Last Sunday was the London Marathon, which featured probably the most impressive cast of elite distance runners ever assembled. The men’s and women’s fields each boasted both the reigning world champions and 2012 Olympic gold medalists. The men’s field also featured the reigning world record holder in the marathon and 11 runners who’ve completed a marathon in under 2:06:00. And just for good measure, Mo Farah was there, running his first marathon.
But I didn’t go to see any of the elite runners — and not only because that would have required me to arrive earlier!
No, the reason was that, as impressive and — I imagine — humbling as it would be to see the likes of Makau, Mutai, Kebede, Jeptoo and the Kiplagats fly by, the main attraction of marathons is not the display of superhuman talent, but rather the indomitable human spirit. As someone remarked after the bombings at the Boston Marathon last week, “If you want to try to crush the human spirit, marathon runners are not the people to target.”
As if the massive crowds cheering on, for the most part, total strangers; or the nutters who are running 26.2 miles in a gorilla suit or a wedding dress or a top hat as if it’s perfectly normal; or the suffering weekend warriors who have taken almost 5 hours to run the marathon, but suddenly, as they hit the finishing stretch, find within themselves one last burst of energy and charge down The Mall like they’re Usain Bolt — if that’s not enough to restore your confidence in humanity, then there’s also the fact that the vast majority of runners at the London Marathon are running to raise money for charity.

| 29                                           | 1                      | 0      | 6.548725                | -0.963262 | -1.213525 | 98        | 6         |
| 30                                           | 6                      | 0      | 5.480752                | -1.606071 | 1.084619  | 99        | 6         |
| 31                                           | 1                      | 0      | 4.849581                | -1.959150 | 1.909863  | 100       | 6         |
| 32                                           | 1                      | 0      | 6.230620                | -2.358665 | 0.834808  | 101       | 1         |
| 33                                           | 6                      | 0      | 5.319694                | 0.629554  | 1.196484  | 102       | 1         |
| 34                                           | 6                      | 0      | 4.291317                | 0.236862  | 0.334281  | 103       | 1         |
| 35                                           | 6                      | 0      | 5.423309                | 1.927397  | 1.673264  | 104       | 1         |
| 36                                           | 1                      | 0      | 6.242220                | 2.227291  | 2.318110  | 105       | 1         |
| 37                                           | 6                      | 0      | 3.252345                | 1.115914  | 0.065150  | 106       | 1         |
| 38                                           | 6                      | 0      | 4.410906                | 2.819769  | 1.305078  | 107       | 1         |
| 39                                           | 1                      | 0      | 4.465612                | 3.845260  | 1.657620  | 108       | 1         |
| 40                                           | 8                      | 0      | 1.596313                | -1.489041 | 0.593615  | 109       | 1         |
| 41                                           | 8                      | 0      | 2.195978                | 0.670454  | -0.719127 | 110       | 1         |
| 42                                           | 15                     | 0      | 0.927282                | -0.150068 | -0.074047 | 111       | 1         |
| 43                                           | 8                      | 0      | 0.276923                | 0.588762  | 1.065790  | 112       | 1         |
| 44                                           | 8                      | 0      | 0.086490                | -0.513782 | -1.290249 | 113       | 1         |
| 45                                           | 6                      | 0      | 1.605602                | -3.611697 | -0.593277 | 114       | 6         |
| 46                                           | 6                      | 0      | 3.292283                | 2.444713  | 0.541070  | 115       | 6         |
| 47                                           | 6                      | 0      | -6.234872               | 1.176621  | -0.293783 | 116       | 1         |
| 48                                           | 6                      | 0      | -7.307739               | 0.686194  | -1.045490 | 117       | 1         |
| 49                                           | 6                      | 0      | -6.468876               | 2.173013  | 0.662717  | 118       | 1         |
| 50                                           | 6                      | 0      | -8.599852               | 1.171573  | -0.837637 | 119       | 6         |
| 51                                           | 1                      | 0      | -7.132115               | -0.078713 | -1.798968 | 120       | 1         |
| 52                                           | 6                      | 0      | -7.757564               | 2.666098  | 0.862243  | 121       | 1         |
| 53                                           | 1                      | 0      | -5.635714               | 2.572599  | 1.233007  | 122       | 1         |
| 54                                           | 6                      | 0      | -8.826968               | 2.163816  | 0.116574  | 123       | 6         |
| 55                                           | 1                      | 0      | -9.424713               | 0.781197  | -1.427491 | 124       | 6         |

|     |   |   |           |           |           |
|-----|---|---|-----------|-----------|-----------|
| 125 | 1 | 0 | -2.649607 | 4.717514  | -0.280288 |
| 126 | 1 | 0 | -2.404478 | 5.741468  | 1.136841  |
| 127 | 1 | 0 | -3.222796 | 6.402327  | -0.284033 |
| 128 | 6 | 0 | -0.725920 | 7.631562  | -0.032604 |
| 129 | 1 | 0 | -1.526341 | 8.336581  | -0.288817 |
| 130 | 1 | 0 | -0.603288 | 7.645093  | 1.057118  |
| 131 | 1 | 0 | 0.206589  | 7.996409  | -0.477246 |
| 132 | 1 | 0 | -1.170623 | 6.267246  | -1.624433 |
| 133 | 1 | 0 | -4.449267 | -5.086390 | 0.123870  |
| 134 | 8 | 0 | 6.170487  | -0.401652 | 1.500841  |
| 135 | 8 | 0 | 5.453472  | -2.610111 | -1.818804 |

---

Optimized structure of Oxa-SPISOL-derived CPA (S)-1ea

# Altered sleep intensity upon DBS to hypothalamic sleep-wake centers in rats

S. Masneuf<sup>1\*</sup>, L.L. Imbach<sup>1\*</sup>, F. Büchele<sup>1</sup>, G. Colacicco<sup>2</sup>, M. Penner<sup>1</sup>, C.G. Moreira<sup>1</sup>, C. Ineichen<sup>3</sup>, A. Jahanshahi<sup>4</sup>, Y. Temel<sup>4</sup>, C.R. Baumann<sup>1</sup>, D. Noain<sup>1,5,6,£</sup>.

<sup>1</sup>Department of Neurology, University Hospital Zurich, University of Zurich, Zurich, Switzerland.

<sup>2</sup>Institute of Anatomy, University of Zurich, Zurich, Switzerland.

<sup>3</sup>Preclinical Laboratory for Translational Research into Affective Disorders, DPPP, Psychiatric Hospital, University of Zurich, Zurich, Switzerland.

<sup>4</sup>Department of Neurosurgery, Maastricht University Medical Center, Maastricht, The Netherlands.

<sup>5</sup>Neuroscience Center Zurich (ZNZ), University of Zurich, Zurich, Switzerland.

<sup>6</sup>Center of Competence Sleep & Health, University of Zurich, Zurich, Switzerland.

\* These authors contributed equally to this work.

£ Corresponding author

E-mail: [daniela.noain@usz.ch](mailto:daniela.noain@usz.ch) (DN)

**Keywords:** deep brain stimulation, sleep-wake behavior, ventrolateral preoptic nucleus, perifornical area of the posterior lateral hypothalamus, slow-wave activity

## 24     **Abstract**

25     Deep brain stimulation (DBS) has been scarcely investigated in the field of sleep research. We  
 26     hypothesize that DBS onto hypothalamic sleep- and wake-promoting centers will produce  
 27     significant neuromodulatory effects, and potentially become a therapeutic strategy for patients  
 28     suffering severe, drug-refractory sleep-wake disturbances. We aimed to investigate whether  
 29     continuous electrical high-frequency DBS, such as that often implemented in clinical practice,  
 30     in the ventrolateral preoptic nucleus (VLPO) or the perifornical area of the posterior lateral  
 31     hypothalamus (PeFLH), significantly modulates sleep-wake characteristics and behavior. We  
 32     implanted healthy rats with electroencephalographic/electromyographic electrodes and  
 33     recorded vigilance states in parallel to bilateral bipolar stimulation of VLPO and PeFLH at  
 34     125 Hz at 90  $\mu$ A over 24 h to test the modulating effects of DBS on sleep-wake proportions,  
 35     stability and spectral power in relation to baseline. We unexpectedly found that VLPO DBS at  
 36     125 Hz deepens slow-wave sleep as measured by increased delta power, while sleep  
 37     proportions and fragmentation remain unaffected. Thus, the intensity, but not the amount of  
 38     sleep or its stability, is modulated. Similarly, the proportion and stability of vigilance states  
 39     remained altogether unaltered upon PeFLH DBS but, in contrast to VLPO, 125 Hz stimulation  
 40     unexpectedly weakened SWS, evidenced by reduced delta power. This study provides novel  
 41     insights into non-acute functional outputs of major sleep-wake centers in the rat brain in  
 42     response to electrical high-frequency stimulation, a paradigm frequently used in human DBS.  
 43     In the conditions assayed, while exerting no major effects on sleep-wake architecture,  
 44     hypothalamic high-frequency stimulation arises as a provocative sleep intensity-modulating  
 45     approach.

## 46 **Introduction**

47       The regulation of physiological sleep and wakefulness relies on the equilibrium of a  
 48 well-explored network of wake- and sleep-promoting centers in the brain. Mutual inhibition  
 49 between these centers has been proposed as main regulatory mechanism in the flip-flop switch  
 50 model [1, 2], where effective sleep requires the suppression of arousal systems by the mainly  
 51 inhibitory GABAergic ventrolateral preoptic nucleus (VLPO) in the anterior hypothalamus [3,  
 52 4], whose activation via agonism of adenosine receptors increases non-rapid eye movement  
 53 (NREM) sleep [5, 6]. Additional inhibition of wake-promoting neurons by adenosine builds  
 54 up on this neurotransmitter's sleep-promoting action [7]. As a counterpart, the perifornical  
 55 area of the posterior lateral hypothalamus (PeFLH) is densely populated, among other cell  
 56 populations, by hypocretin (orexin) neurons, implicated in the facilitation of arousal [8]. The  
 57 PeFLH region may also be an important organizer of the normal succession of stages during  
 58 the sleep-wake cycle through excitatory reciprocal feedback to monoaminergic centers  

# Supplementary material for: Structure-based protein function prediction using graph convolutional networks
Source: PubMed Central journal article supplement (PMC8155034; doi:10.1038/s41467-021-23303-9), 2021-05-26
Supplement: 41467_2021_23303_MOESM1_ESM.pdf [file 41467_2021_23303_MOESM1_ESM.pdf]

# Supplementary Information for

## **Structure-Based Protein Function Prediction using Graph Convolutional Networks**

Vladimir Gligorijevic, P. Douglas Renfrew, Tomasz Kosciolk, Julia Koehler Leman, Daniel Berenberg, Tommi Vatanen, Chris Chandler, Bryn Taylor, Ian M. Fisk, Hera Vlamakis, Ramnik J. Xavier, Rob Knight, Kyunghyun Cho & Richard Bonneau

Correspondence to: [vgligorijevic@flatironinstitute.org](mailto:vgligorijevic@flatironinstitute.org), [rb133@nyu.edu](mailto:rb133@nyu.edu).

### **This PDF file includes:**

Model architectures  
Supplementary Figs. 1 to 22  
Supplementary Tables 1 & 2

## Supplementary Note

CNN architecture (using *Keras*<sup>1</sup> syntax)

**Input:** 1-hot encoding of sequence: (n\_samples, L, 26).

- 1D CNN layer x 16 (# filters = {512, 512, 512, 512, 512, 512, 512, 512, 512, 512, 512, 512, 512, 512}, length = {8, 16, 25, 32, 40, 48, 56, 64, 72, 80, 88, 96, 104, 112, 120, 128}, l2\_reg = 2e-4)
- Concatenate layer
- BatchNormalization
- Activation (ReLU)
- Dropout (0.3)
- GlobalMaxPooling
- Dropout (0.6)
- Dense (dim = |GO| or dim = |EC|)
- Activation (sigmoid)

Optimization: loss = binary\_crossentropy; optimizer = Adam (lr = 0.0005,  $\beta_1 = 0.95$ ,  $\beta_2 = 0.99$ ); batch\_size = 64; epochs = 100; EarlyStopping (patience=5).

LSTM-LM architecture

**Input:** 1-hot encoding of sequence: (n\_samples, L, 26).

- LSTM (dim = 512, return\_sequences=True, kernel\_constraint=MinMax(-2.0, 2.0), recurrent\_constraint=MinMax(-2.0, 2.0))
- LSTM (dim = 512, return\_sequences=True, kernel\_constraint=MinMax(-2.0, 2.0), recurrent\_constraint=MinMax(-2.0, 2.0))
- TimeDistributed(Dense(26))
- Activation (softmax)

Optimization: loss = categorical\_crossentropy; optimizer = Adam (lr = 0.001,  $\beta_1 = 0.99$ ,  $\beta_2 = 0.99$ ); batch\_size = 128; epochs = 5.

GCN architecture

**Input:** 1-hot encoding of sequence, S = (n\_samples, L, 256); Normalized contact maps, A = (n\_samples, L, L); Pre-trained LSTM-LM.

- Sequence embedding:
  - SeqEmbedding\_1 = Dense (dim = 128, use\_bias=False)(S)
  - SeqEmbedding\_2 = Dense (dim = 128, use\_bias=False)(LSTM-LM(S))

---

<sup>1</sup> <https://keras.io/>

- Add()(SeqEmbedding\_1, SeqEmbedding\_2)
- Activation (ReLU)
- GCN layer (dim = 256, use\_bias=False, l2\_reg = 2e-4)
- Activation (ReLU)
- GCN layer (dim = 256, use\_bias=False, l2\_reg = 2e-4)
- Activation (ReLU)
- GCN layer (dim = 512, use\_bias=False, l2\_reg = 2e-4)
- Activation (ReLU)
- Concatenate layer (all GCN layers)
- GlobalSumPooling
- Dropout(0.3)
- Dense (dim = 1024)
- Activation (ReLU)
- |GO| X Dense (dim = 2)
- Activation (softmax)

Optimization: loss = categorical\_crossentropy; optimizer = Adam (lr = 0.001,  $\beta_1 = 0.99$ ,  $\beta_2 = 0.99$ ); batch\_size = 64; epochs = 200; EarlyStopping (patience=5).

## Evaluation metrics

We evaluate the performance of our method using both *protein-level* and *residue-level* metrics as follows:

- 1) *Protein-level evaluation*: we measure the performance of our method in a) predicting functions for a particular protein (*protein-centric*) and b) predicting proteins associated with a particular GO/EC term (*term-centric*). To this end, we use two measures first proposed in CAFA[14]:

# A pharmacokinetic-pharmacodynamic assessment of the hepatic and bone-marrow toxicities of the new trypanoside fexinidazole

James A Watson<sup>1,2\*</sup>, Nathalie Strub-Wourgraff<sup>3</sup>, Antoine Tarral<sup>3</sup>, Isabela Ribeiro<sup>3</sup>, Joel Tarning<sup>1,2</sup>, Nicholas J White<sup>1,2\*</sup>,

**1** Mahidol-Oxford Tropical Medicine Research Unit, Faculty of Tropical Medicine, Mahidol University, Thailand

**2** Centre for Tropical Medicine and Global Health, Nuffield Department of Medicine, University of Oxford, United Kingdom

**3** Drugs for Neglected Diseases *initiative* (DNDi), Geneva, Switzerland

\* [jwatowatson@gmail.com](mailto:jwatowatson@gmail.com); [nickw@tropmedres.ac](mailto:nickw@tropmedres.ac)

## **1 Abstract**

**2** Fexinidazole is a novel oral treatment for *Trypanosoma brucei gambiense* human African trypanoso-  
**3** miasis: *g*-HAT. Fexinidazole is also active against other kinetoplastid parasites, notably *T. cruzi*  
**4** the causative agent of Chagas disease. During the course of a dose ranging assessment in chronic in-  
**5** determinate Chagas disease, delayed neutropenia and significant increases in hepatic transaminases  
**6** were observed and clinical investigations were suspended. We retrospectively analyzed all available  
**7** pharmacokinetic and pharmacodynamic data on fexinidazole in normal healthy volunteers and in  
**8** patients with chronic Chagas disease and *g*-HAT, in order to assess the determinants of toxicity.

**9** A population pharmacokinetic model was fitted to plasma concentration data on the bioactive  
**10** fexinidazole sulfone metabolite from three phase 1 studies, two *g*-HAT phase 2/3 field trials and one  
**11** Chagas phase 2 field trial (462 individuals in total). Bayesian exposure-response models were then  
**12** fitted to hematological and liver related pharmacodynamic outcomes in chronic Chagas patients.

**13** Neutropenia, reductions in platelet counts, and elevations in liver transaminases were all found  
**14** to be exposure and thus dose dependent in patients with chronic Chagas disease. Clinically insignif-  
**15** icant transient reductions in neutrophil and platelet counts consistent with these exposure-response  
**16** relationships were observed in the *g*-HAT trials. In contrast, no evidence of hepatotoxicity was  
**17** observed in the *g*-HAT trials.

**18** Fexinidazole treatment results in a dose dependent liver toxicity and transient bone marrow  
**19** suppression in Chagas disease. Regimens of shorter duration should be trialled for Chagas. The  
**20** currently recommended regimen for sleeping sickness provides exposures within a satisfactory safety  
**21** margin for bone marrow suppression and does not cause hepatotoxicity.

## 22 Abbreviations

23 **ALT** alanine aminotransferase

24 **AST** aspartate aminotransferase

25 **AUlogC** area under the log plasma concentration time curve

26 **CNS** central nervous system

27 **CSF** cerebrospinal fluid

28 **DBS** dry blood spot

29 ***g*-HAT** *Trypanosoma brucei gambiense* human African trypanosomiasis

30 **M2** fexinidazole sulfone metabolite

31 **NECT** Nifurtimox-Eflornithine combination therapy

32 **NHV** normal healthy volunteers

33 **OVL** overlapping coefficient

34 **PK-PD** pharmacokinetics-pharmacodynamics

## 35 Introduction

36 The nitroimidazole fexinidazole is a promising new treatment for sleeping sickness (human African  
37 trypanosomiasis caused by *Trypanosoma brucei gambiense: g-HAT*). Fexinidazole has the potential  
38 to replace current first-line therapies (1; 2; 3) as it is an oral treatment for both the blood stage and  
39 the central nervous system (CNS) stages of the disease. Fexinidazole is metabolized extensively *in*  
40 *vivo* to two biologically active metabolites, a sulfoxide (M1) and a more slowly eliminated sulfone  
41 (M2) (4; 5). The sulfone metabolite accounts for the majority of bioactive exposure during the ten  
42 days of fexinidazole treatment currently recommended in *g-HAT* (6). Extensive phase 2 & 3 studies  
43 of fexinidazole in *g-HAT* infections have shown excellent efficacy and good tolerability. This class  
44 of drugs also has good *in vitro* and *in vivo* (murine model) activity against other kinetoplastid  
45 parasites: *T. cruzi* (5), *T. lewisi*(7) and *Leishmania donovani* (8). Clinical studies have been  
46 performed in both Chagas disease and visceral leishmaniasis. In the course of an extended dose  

Indeed, the range of causes represented ran the gamut from research for Cystic Fibrosis through to Save the Rhinos, and I can only guess how many millions of pounds were raised through, quite literally, all that suffering.
Marathons are always a celebration and a human spectacle, but having some of the most iconic buildings on the planet as the backdrop adds that extra bit more.